Treasury Secretary Steve Mnuchin sought to blunt any criticism from Beijing that the sanctions were meant as payback for not helping more on North Korea.

“We are in no way targeting China with these actions,” Mnuchin told reporters in a prepared statement. “We are committed to targeting North Korea’s external enablers and maximizing economic pressure on the regime until it ceases its nuclear and ballistic missile programs.”

Mnuchin said top U.S. officials will be meeting with China and other countries at the G-20 summit next week in Hamburg, Germany “to further our efforts to cut off North Korea’s illicit activities.”

“Trump had, I believe a naive view of what President Xi Jinping had agreed to at the Mar-a-Lago summit,” said Klingner.

Back in September, the Obama administration charged a Chinese trading company linked to the Bank of Dandong with a criminal complaint of conspiring to evade U.S. economic sanctions and using front companies to evade U.S. sanctions targeting North Korea’s nuclear weapons and missile programs. At the time, four Chinese national executives of the trading company, Dandong Hongxiang Industrial Development Co. (DHID), also were charged.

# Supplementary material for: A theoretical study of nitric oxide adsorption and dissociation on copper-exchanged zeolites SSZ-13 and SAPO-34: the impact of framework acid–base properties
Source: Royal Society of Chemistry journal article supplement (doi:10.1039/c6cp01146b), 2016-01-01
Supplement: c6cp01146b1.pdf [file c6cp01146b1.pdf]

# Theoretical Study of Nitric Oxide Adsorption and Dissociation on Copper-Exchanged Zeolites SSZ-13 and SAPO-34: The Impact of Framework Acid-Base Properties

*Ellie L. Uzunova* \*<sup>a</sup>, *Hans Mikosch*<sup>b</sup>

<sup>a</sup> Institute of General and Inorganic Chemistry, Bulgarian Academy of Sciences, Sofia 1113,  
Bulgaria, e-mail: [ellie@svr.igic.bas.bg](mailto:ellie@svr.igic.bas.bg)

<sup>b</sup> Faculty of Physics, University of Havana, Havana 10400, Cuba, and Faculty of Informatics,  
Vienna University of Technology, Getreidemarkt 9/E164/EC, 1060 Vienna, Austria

The Obama administration never charged the Bank of Dandong but the U.S. Justice Department complaint against DHID, which specializes in trade with North Korea, revealed the trading firm had funds in the Chinese bank.

The Trump administration’s action against Bank of Dandong is similar to steps the U.S. government took more than a decade ago against a Chinese bank over North Korea.

Back in 2005, the U.S. took action against China’s Banco Delta Asia, which at the time had branches in Macau, as a “primary money-laundering concern” under the USA Patriot Act. At the time, the U.S. had called the bank “a willing pawn for the North Korean government to engage in corrupt financial activities through Macau.”

One of the steps the U.S. took at the time was to freeze North Korean assets in banks, including the Macau financial institution. Klingner, who served two decades with the Central Intelligence Agency and Defense Intelligence Agency, said “North Korean officials…told a U.S. official at the time ‘you finally found a way to hurt us.’ “

Even so, the action was essentially reversed a few years later by then-President George W. Bush as one of the steps to restart the six-party talks with negotiators from North Korea, China, Japan, Russia, South Korea and the U.S. The release of the funds was a precondition made in April 2006 by Pyongyang, which later that year would conduct a nuclear test in a sign of defiance to the world.